In the current global discourse, the term “inflation” is being thrown around at an ironically inflationary rate. Yet, this isn’t a debut for inflation in the news headlines – nor is it likely to be the last time we see it take center stage.
To truly grasp the scope and scale of inflation, we need to delve deeper into its historical occurrences and the consequential impacts it has spawned worldwide.
What triggers a sudden surge in inflation?
Simply put, inflation indicates an escalating trend in the overall price levels within an economy over a specified timeframe. As prices ascend, the purchasing power of your money inevitably descends – you can procure fewer goods and services with the same amount of money.
Essentially, inflation equates to a deterioration of purchasing power for each monetary unit.
Instead of panicking, we can strategize to mitigate the repercussions of inflation. A potent tool to equip ourselves is the study of history.
Examining historical episodes of inflation not only situates our current situation within a broader framework, but it also makes for an intriguing exploration!
Three serious examples of inflation in history
Greece during World War II
During World War II, the monetary value in Greece was in a rapid free fall, essentially halving every few days.
In the years preceding the war, the Greek government was boasting a significant budget surplus. However, this quickly flipped into a deficit that tripled in size in the subsequent year, largely due to a substantial downturn in foreign trade as a consequence of the war.
Following the invasion by the Axis powers, Greece was coerced into providing financial reparations to 400,000 of their soldiers. As tax revenues shrank and the nation found itself unable to cover its wartime expenses, Greece was forced to turn to its central bank to supply the needed funds.
This desperate move culminated in one of history’s most egregious instances of hyperinflation.
Yugoslavia after the Soviet Union’s fall
Yugoslavia also fell victim to the scourge of hyperinflation.
In the wake of the collapse of the Soviet Union, wars broke out in the 1990s as new sovereign nations sought independence. These refused to trade with each other, bringing economic activity to a halt.
The situation was further exacerbated by economic sanctions imposed by the West. However, it was the decision of the newly formed Federal Republic of Yugoslavia to maintain communist policies that led to spend and borrow too much money, and eventually lose control over money creation.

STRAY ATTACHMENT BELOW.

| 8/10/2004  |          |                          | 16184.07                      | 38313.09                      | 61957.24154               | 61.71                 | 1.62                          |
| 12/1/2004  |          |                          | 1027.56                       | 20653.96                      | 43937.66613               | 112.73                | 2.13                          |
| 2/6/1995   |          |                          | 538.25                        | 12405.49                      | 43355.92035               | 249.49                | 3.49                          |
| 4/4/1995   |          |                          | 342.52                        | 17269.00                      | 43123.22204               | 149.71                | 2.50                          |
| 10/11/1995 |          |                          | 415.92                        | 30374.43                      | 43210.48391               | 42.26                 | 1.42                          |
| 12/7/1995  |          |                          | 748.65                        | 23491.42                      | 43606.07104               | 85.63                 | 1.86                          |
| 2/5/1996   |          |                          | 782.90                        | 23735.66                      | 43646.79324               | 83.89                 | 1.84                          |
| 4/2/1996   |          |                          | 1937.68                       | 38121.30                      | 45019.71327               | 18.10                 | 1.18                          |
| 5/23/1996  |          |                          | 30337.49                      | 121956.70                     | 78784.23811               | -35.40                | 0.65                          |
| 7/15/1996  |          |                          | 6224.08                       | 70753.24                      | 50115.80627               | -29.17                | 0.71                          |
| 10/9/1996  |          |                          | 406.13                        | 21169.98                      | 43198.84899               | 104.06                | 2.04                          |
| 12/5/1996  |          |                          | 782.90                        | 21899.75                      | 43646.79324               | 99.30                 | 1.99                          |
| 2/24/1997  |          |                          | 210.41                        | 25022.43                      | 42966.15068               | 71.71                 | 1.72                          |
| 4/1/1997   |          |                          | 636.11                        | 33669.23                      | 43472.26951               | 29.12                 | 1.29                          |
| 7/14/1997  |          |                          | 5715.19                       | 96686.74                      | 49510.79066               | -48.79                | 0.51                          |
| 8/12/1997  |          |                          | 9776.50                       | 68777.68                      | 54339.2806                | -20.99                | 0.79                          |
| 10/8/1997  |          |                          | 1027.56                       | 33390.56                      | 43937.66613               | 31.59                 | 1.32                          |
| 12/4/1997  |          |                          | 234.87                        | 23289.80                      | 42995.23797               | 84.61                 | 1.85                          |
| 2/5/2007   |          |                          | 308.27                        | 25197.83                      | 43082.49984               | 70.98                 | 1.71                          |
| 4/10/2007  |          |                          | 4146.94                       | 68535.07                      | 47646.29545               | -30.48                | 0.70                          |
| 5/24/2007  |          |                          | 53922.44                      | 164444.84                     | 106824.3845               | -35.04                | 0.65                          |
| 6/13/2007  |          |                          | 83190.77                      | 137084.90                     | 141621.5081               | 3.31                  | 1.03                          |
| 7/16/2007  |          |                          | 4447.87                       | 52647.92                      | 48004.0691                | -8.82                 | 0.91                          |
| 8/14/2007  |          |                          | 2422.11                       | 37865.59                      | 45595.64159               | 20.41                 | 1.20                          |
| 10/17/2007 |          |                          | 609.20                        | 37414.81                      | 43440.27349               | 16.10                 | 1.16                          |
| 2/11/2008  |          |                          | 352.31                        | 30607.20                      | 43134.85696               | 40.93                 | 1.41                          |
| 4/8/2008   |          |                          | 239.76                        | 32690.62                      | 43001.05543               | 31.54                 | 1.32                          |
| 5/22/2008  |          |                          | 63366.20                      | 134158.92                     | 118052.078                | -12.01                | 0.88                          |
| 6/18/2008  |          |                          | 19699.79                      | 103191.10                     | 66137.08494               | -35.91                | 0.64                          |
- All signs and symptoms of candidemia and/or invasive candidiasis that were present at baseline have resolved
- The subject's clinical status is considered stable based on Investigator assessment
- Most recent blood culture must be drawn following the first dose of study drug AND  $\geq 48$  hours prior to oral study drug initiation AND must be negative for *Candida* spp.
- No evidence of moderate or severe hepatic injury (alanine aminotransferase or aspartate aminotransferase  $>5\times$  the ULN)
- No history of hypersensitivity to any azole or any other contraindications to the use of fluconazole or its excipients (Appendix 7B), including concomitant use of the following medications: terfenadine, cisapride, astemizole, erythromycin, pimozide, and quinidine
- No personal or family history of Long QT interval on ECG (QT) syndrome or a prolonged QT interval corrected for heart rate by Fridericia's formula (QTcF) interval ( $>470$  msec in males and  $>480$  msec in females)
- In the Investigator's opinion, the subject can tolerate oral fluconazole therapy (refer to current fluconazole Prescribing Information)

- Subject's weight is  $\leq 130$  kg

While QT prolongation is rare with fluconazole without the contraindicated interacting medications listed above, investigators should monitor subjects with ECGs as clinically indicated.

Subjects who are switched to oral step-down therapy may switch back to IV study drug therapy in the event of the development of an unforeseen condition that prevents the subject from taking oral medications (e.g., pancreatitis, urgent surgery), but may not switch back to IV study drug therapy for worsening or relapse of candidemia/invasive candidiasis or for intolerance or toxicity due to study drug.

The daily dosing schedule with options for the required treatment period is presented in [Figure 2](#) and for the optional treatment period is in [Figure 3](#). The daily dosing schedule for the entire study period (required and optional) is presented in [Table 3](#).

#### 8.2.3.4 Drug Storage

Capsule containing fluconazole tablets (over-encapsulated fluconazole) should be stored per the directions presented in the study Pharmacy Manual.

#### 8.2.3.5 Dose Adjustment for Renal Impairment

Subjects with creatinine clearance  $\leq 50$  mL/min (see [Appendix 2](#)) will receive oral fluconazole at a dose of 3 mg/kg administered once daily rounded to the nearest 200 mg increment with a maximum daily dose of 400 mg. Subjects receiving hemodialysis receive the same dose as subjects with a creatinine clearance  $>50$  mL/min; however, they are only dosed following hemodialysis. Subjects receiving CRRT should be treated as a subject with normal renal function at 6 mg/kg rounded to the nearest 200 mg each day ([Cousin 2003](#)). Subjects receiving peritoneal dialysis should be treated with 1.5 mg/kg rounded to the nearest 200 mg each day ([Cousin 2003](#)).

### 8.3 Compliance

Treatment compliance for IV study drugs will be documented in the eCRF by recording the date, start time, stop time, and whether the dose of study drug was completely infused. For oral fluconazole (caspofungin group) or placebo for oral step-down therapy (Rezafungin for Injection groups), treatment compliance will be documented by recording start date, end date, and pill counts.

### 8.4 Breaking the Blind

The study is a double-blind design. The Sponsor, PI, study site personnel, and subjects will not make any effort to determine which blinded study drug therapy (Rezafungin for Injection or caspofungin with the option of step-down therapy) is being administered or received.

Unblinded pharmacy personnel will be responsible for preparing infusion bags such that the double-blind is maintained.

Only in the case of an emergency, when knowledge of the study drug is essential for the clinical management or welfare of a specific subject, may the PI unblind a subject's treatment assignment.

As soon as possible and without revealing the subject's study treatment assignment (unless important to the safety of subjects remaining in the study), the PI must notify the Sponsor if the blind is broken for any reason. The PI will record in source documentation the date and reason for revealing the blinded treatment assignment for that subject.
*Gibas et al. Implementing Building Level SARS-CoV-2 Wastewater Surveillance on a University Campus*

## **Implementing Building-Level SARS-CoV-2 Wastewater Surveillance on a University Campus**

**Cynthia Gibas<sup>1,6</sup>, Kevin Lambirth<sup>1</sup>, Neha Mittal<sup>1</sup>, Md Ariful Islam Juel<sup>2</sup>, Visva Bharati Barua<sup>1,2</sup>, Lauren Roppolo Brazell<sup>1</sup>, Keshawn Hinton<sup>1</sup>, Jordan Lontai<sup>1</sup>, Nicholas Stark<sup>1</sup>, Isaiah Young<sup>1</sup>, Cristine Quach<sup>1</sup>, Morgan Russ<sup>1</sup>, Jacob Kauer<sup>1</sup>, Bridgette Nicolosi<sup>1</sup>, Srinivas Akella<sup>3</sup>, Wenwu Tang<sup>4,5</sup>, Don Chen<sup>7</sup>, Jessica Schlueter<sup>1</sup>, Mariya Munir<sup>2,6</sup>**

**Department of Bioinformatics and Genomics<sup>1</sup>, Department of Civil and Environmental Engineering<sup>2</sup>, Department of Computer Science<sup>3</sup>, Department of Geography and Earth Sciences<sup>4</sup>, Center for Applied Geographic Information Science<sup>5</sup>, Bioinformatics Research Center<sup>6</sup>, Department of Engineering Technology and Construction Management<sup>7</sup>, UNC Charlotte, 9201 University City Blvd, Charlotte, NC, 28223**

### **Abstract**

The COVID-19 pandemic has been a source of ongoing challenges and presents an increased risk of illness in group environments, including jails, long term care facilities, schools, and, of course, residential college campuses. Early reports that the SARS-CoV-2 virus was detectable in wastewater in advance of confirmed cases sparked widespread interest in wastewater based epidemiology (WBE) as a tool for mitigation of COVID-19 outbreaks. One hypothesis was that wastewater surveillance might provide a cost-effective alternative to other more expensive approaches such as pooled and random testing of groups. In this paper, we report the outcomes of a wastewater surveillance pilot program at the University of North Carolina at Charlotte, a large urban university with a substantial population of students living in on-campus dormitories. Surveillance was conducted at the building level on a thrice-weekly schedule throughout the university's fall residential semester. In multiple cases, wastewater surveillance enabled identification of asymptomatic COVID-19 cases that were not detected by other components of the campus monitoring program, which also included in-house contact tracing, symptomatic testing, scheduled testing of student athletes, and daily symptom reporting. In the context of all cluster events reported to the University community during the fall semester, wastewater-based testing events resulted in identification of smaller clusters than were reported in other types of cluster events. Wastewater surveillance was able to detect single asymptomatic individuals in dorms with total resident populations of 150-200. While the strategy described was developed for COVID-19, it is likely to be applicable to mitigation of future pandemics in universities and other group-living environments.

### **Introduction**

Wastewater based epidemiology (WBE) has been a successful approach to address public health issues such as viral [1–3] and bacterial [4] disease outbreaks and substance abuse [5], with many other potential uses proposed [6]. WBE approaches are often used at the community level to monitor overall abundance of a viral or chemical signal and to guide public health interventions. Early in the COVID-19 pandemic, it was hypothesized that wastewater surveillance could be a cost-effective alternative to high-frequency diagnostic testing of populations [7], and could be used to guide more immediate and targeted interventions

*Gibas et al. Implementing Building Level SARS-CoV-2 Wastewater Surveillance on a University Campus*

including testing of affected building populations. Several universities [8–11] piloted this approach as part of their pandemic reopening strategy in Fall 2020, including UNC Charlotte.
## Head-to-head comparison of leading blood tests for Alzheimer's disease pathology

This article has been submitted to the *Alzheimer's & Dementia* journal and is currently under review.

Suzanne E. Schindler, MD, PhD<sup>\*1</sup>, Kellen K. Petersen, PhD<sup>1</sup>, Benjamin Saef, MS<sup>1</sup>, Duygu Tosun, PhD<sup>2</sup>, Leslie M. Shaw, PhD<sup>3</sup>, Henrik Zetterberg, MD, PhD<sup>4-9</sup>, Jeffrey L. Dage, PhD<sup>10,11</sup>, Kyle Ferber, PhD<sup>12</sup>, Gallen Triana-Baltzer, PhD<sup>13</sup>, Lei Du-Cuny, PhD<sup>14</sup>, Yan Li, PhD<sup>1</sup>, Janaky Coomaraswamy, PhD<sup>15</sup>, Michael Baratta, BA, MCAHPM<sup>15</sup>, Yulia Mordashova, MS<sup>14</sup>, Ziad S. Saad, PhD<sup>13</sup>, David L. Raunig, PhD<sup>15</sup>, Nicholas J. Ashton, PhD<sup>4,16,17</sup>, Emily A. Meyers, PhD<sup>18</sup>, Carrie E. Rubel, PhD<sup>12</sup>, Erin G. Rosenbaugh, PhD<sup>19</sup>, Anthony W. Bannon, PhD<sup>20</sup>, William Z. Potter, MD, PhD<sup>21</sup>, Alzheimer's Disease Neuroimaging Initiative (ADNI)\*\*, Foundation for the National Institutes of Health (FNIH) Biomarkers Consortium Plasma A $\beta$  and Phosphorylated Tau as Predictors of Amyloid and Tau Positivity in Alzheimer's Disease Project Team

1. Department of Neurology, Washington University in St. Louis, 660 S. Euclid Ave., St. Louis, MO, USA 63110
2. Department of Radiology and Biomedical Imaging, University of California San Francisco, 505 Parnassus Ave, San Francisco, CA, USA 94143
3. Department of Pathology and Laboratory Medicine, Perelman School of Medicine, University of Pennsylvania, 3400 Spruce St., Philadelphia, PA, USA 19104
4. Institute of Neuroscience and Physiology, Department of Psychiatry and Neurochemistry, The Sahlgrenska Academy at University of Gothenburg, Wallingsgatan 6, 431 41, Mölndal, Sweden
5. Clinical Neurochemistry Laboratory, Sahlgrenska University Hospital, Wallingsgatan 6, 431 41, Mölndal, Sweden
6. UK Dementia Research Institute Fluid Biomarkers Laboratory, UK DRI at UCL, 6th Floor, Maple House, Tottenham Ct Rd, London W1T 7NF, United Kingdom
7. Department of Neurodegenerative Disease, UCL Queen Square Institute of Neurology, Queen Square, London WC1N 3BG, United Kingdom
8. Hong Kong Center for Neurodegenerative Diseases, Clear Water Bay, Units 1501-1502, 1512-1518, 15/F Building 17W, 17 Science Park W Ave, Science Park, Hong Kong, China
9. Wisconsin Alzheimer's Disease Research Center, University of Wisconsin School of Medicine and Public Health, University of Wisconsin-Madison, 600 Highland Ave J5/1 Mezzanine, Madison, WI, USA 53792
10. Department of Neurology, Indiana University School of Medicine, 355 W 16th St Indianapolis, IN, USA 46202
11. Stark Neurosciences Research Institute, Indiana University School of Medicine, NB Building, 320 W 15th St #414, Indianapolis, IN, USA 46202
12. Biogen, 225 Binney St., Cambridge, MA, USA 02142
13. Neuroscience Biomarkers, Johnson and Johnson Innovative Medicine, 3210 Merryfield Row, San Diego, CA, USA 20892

The inflation rate in January 1994 skyrocketed to an alarming 313 million percent. Prices were doubling approximately every 34 hours, and the national currency was revalued an astonishing five times within a span of two years.
Zimbabwe in November 2008
Inflation reached an unprecedented peak of 79 billion percent in Zimbabwe, with prices doubling every twenty-four hours. This prompted the government to abandon its currency in favour of the South African rand or the U.S. dollar.
After Robert Mugabe’s confiscation of private property, Zimbabwe’s economy ground to a halt for years. Attempts to redistribute land from white Zimbabweans in exchange for political capital led to a free fall in the economy, capital flight, and people fleeing to the mountains.
During this period of rampant hyperinflation, the price for a single loaf of bread rocketed to 35 million Zimbabwean dollars.
The role of Central Banks during inflation
To avert such catastrophic circumstances, central banks employ strategic economic policies, primarily adjusting their principal tool – the key interest rate.
This form of “managed” inflation is designed to spur consumers and producers into action, encouraging them to either spend or produce, as saved money would depreciate over time. The primary objective of this approach is to promote economic activity.
After inflation expectations in the eurozone were recently clearly on the positive side due to the Russian-Ukrainian war, central banks are currently changing their strategies after a long period of hesitation.
The key interest rate is being raised in order to make borrowing more expensive, tighten the money supply, and prevent serious inflation.
What actions should be taken during a period of inflation?
Inflation is a natural aspect of many economies and can indicate a healthy economy.
For instance, Japan has long been trying, albeit unsuccessfully, to stimulate inflation within its own nation
To combat the effects of inflation, investing your money becomes a crucial strategy. This is because the interest earned from savings accounts is unlikely to keep pace with rising prices. Investments, on the other hand, provide an effective means of safeguarding your wealth from losing value.
If you would like to learn more about it, make sure to read our article that dives deeper into how to minimize the impact of inflation.
If you have already invested, you should keep a cool head, especially during strong inflation. Deciding whether it is the right time to sell specific assets in your portfolio or even alter your investment strategy requires careful deliberation. It is vital to avoid impulsive decisions, remain patient, and stay focused on your long-term goals, just like a central bank.
Discover in our article how to identify if your emotions are influencing your financial decisions and learn strategies to counteract their impact.
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